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28 April 2005

S2M-2573 Managing Sex Offenders

Scottish Parliament

Thursday 28 April 2005

[THE PRESIDING OFFICER opened the meeting at 09:15]

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Managing Sex Offenders

The Deputy Presiding Officer (Murray Tosh): The final item of business today is a members' business debate on motion S2M-2573, in the name of Paul Martin, on reviewing arrangements for managing sex offenders. The debate will be concluded without any question being put.

Motion debated,

That the Parliament recognises that, following the murder of eight-year-old Mark Cummings by registered sex offender, Stuart Leggate, there is a requirement for a root-and-branch review of how registered sex offenders are monitored and managed in the community; believes that the current sentencing policy for dealing with registered child sex offenders is grossly inadequate and requires review, that it is not acceptable that registered sex offenders are able to legally act under an alias identity and that the current housing allocation policies for dealing with registered child sex offenders present a serious risk to local communities; considers that an inquiry should be held into the events leading up to the murder of Mark Cummings; believes that the Scottish Executive should, as a matter of urgency, bring forward measures that will ensure that the risk to our children posed by registered child sex offenders is radically minimised, and commends the News of the World for its campaign in raising the awareness of the need to introduce legislation to manage registered sex offenders more effectively.

17:12

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17:25

Stewart Stevenson (Banff and Buchan) (SNP): I extend my thanks to Paul Martin for giving us the opportunity to debate a difficult and important subject. I also extend my commiserations and those of my party to the Cummings family on the situation in which they find themselves, and I commend their dignity under that provocation.

We must be careful with some of the things that we think about. We must manage sex offenders such as Leggate better on their release, and Paul Martin has mentioned quite a few things that would be useful, but we must not imagine that that is enough. It is not.

If we look at conviction rates and the experience that comes from a variety of sources, we realise that we have probably convicted only one in 10 of the sex offenders who are out there. Of all crimes, it is a particularly hidden crime, so we must protect our children not just from those whom we already know to be sex offenders because they have been convicted, but from those who are yet to be revealed as sex offenders.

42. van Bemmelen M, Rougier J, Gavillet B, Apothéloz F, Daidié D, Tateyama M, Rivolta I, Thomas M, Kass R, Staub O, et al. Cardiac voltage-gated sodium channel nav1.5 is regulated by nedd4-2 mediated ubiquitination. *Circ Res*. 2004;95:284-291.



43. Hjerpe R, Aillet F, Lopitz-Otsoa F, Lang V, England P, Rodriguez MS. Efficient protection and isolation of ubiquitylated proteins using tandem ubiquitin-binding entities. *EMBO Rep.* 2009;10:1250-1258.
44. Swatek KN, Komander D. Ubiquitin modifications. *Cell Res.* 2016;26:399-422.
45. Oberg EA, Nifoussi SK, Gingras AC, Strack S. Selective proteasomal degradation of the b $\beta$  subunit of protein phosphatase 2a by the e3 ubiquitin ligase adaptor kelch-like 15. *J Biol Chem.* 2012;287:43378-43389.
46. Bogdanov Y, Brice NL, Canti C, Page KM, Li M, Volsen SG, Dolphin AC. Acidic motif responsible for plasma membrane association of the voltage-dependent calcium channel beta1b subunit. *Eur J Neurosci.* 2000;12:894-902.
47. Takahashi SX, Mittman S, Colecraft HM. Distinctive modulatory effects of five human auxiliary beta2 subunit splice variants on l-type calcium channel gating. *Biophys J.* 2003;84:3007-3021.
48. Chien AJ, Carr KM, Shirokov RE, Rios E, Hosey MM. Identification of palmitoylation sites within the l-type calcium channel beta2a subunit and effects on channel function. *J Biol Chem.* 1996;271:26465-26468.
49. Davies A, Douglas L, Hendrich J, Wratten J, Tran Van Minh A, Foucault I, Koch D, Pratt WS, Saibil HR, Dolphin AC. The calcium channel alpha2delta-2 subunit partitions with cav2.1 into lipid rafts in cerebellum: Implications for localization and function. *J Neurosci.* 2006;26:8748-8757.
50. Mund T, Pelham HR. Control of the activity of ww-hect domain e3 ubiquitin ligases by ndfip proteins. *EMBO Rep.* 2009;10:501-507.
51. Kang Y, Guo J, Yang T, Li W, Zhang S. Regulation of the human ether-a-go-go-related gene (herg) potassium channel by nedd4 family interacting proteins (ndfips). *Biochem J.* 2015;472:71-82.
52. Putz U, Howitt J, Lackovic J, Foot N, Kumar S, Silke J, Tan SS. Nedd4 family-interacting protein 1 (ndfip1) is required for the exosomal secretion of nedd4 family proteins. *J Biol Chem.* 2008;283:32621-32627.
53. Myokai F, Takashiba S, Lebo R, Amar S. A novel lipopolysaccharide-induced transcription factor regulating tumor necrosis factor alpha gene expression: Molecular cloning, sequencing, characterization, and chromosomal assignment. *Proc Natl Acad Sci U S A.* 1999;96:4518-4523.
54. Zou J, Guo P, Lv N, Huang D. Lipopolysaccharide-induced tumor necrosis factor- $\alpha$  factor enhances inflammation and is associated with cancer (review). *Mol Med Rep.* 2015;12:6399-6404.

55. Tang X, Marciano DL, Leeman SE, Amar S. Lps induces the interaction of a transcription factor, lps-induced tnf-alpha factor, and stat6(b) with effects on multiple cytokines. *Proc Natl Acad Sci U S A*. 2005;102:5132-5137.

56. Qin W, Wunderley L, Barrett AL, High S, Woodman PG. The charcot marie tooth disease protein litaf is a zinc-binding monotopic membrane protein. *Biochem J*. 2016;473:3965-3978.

That means that we all have to think about how we can protect our children and educate them to recognise problems, to help their peer group and to bring the necessary information to the attention of those who can take action. I myself was aware of a sex offender when I was a wee bairn, because my father, as a general practitioner, treated a sex offender who had yet to be convicted but who he was utterly convinced was a problem. I shall name him. He was Christopher Milne, the son of A A Milne—Christopher Robin in the books. He was a patient of my father, and his upbringing and the effect of what his father had done in writing about him was said to have been one of the factors in his becoming a paedophile.

There are one or two interesting things about the Leggate case. I understand from my sources that prison staff were pretty clear that Leggate had a high risk of reoffending, but that information does not seem to have permeated down to anyone who might have taken action. I was disappointed to hear that councils and police are not getting such information. I have to say that I believe that information is actually being passed on in Aberdeenshire. That can happen, and in some parts of the country there are mechanisms for making it happen. Indeed, I am consulted, as are other elected representatives, about the matter, and I know how many sex offenders there are in the different communities. I can help the police and the council with the information that comes to my attention. I do not know the names or addresses, but I know what is going on in general terms.

There are a couple of challenging ideas that we might think about. Megan's law is all very well, but given the number of sex offenders who are out there house surveys would always say, "There are sex offenders in the area." That is a real difficulty.

In Canada there are what appear to be successful schemes for befriending sex offenders and ensuring that they are socially related and adhered to someone in the community. I understand that the Quakers in England are running a similar trial. I do not think that that is a magic bullet by any manner of means, but I certainly think that we should consider trying what is being tried elsewhere and see whether it has any application in Scotland.

The real issue, particularly with paedophiles but perhaps less so with rapists, is with sex offenders' mental processes and their whole view of the world. Programmes in prison can help to make them aware of that problem, although they cannot change their behaviour, and can help them to detect when they are going to reoffend. They have distorted thinking and will have it all their lives. Perhaps we should release those people only when we can prove that it is actually safe to do so. Sentences for people with psychological problems and distorted thinking are perhaps not the right way of dealing with them, even though locking them up is.

17:30

Stewart Stevenson
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